Greater Boston Full Episode: Mar. 30, 2023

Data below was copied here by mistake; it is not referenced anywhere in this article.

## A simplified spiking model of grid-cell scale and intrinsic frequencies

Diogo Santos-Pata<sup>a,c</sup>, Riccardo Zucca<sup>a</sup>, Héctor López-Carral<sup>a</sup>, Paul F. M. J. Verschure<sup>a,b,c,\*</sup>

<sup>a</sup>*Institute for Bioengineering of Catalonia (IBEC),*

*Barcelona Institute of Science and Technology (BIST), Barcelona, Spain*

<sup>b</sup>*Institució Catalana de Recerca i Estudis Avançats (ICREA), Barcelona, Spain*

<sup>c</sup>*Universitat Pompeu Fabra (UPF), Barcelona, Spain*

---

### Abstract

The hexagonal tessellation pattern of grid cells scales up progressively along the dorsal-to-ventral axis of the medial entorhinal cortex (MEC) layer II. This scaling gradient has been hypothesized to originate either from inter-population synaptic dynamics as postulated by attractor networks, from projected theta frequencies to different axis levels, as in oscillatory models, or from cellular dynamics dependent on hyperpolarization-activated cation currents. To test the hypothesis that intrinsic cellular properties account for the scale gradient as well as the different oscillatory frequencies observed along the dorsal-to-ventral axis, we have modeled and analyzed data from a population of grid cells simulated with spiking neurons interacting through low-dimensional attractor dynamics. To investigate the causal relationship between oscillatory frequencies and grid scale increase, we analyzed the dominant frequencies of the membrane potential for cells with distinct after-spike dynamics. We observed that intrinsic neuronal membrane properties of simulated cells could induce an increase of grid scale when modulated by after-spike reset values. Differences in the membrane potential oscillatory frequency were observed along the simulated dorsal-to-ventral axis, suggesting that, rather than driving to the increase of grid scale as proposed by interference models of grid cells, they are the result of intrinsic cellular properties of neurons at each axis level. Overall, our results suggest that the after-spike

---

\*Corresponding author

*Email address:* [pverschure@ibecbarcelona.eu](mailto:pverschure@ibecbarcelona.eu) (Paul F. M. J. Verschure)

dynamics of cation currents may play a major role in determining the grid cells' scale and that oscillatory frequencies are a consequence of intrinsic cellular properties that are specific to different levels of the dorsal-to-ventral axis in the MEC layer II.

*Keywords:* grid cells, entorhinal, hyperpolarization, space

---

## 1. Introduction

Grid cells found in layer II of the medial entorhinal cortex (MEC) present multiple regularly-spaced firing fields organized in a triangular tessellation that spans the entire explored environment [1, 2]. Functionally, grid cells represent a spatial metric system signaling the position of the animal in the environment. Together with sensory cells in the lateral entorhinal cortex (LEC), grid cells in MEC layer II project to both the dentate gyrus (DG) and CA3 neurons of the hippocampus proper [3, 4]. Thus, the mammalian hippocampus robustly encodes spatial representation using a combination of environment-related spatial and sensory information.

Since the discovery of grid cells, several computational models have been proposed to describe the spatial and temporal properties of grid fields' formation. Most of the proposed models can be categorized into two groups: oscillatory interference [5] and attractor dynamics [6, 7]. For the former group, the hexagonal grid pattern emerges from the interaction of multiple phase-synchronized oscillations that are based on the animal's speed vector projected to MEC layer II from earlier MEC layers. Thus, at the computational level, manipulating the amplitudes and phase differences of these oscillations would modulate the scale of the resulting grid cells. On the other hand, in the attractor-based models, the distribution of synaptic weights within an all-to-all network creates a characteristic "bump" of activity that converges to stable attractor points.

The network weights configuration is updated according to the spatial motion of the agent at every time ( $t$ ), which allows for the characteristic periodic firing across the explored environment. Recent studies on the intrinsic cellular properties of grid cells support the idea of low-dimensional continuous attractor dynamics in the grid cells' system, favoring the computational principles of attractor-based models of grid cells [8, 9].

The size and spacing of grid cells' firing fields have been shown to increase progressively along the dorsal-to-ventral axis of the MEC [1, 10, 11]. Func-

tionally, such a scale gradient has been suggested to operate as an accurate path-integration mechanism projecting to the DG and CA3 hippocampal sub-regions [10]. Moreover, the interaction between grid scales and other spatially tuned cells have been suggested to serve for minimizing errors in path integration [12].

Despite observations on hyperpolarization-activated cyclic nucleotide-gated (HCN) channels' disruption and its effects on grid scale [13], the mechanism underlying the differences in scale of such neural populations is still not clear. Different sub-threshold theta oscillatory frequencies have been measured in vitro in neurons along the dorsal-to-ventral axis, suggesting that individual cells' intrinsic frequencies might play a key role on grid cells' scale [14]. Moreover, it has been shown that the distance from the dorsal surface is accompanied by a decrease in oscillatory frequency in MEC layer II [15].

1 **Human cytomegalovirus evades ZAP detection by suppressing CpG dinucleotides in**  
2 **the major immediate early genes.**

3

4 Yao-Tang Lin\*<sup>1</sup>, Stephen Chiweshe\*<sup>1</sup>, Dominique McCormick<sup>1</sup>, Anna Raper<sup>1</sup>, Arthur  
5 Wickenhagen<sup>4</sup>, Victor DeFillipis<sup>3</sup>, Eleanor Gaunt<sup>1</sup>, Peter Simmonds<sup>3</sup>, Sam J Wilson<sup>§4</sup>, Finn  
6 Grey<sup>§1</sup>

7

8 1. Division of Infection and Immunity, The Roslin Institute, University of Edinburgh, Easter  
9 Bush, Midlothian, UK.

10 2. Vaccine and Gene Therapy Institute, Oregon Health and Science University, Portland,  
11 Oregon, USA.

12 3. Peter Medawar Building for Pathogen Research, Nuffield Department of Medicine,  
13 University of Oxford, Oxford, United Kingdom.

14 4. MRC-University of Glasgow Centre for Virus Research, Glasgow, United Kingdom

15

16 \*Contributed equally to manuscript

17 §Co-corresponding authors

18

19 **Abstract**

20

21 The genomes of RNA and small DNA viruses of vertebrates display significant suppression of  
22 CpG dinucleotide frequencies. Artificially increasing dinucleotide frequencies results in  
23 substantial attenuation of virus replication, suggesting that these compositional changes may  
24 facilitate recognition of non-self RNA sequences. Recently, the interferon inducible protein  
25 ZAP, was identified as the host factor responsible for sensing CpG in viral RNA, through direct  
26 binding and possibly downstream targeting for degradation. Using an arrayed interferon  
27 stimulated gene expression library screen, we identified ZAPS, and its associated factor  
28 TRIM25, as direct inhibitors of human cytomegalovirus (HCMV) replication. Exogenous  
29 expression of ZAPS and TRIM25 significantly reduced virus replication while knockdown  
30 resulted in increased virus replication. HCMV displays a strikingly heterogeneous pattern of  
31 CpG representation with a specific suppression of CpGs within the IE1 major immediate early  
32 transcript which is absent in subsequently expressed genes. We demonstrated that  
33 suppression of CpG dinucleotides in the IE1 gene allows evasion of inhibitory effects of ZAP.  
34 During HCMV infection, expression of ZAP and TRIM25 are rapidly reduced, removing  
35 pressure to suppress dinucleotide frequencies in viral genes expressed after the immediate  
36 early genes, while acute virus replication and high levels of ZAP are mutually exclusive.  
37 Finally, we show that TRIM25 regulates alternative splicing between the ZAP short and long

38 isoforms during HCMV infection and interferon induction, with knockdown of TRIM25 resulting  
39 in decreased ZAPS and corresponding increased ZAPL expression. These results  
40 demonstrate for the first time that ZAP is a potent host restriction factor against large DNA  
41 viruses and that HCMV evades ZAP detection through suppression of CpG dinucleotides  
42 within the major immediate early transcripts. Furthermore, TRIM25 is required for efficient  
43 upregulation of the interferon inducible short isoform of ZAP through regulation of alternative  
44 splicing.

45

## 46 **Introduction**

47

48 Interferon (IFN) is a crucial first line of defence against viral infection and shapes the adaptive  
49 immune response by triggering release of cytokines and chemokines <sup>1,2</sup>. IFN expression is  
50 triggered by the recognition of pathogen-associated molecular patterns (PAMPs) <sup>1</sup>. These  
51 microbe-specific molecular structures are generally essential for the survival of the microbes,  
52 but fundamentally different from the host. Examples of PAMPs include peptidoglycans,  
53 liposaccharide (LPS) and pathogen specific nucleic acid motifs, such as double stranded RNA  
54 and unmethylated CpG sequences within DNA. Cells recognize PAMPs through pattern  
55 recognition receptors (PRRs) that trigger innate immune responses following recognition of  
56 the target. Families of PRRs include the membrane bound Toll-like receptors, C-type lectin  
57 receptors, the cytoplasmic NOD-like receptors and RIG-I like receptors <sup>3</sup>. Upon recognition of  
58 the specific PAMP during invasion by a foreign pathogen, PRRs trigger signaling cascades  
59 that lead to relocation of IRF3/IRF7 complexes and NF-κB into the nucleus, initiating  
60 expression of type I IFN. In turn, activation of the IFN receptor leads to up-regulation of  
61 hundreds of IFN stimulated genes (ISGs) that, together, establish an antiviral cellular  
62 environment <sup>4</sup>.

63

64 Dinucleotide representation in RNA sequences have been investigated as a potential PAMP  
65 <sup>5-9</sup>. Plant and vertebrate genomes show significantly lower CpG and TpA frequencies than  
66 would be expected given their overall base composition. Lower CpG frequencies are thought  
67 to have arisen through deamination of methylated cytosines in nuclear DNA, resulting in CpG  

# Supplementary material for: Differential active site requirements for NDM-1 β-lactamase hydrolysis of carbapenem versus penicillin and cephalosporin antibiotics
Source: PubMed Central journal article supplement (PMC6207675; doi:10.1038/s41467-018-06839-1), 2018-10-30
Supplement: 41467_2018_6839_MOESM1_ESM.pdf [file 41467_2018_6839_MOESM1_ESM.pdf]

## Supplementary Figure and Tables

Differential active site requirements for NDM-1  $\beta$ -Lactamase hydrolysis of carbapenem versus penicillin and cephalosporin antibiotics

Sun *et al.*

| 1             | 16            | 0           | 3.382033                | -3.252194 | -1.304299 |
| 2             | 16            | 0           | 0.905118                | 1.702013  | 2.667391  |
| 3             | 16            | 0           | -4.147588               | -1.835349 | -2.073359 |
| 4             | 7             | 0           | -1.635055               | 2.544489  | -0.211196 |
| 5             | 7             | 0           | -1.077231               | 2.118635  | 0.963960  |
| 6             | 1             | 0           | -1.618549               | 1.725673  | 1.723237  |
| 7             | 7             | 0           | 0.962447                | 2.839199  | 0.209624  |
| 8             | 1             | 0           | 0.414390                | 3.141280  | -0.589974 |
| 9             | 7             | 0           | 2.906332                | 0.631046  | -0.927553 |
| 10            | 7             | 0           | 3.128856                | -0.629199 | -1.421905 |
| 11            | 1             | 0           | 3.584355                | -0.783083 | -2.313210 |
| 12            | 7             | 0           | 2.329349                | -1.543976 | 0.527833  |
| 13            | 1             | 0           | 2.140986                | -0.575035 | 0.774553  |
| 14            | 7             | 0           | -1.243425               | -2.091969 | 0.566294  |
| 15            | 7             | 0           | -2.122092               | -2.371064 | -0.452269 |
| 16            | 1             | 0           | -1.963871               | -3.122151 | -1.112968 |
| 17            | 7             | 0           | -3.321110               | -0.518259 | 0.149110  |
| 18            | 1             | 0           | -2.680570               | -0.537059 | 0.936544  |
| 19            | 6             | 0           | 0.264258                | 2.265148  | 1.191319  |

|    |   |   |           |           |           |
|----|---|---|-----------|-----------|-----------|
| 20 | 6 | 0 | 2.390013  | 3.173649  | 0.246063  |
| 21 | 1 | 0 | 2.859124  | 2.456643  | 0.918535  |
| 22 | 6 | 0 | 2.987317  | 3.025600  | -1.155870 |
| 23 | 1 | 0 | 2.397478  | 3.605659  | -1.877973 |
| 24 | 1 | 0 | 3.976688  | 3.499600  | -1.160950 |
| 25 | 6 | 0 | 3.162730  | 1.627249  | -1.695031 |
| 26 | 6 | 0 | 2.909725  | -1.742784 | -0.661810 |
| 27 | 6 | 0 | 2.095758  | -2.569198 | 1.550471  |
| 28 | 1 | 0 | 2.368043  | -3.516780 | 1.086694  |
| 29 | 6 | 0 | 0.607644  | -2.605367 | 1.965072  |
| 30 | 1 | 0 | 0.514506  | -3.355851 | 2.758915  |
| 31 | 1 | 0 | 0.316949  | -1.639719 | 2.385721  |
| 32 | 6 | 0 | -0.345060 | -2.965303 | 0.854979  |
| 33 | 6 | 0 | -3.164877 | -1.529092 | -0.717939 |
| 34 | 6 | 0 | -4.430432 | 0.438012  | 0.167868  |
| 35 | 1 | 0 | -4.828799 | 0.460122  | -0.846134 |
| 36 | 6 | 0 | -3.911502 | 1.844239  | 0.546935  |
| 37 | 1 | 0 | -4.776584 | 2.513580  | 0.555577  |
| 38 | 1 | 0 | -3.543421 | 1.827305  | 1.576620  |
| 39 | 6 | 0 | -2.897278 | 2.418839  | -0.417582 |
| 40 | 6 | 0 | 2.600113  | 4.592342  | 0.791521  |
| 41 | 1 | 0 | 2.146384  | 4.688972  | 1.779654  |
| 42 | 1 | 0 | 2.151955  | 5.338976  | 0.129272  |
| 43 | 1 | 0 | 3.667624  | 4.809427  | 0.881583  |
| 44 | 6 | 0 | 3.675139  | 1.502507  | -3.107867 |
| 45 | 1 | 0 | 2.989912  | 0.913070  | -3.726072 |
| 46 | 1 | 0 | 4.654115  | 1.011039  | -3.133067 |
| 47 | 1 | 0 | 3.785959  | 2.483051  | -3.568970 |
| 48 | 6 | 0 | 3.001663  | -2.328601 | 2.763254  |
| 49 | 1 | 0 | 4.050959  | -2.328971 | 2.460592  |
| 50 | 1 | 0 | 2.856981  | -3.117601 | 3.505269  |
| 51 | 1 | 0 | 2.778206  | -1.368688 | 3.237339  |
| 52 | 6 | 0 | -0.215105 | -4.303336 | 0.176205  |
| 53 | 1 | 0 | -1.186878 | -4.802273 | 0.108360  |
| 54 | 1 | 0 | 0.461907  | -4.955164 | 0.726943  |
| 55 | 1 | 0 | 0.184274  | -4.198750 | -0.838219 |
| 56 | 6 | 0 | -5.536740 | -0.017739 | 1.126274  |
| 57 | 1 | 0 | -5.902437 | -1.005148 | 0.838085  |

Greater Boston Full Episode: Mar. 30,  2023